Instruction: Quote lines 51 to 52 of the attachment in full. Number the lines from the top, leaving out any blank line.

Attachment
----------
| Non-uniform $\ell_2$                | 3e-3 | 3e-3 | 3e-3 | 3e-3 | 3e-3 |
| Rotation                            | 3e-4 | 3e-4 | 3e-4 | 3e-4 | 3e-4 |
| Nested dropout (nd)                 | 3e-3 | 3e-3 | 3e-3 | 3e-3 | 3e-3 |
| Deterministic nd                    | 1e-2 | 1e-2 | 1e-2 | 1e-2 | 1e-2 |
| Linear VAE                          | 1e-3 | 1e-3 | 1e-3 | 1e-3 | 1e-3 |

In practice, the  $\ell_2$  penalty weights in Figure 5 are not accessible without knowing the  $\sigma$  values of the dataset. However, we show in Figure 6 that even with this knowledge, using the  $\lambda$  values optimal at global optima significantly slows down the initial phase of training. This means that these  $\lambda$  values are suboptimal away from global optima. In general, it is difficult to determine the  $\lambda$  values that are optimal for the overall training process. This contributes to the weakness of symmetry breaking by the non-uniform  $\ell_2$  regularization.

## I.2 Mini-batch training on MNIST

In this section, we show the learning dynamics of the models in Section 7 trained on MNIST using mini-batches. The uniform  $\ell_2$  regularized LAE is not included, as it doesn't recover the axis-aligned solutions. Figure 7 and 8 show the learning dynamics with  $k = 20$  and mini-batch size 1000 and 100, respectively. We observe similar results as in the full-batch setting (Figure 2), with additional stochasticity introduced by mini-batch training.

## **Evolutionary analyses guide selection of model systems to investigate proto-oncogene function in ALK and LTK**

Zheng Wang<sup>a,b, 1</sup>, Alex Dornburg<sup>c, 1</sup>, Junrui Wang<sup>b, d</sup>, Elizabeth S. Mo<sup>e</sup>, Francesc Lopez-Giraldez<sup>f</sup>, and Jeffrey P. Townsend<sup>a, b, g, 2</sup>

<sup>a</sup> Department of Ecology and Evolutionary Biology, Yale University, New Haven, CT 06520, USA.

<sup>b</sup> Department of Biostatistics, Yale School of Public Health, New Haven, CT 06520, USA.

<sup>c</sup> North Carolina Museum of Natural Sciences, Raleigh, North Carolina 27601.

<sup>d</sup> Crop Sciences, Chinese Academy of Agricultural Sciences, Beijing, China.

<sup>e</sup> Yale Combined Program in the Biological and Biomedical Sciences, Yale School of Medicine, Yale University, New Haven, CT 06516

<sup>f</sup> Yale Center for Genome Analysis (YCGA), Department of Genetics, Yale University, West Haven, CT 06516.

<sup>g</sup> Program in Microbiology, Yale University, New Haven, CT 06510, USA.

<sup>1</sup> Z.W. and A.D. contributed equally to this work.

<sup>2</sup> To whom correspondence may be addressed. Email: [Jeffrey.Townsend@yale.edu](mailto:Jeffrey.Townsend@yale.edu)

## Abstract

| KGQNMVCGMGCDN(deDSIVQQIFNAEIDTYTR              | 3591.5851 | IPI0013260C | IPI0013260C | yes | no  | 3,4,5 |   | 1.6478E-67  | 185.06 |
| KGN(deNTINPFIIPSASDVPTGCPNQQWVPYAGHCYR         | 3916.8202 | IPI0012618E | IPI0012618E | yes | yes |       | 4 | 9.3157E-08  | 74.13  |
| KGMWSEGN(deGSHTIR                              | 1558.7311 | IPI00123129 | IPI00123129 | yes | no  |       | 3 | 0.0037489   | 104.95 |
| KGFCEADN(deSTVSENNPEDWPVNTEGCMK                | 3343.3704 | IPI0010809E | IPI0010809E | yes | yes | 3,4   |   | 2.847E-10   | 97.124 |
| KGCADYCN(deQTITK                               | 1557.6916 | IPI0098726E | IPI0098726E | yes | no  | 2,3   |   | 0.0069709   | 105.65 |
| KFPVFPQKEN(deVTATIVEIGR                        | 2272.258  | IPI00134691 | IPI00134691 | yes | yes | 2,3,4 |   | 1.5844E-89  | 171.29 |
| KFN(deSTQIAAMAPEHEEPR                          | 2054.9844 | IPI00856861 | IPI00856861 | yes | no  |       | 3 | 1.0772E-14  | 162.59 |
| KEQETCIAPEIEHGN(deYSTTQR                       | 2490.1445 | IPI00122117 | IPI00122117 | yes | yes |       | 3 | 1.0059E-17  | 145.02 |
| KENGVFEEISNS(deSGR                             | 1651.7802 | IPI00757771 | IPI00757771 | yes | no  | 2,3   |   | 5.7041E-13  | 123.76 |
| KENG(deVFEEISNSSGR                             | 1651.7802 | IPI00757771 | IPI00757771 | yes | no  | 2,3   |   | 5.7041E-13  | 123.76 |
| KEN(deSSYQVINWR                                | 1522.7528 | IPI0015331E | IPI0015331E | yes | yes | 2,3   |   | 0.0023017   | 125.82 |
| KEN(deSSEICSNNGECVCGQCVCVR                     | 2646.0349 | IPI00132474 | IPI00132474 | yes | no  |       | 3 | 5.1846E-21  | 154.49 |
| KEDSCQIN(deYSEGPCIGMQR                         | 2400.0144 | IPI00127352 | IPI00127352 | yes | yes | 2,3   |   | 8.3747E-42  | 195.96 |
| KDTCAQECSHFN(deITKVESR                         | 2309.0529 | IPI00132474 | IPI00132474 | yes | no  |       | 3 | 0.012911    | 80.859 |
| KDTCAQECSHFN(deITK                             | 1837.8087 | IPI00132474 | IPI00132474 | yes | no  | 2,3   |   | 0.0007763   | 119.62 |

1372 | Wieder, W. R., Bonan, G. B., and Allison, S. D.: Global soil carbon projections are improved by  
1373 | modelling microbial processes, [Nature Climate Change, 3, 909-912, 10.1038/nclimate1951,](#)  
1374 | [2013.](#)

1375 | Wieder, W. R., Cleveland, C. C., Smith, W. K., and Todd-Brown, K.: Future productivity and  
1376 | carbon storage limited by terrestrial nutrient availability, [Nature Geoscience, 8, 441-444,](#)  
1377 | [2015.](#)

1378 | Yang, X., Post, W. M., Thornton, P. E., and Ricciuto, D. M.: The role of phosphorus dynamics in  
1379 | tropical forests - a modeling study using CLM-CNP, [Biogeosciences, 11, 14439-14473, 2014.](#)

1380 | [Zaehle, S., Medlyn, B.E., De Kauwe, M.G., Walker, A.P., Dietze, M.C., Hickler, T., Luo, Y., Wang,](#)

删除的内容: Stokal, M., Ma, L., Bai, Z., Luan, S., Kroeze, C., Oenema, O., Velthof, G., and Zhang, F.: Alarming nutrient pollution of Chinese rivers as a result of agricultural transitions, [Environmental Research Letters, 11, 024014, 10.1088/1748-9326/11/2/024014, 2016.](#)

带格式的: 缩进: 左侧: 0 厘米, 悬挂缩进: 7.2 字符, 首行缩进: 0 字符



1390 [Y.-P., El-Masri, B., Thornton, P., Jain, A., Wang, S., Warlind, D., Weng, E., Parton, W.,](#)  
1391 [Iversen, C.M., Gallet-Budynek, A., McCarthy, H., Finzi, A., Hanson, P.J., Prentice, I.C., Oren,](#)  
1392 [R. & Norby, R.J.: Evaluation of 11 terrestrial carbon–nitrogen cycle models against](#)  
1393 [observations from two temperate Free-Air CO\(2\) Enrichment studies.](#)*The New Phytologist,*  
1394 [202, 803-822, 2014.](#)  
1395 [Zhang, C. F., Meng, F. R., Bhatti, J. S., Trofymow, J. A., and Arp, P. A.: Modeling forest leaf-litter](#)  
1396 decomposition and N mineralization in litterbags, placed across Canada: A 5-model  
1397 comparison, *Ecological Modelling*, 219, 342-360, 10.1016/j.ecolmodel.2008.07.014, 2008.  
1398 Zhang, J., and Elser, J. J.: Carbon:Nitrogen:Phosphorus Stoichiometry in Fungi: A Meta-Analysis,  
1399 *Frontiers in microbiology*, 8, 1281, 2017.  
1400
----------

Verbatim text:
1394 [202, 803-822, 2014.](#)  
1395 [Zhang, C. F., Meng, F. R., Bhatti, J. S., Trofymow, J. A., and Arp, P. A.: Modeling forest leaf-litter](#)  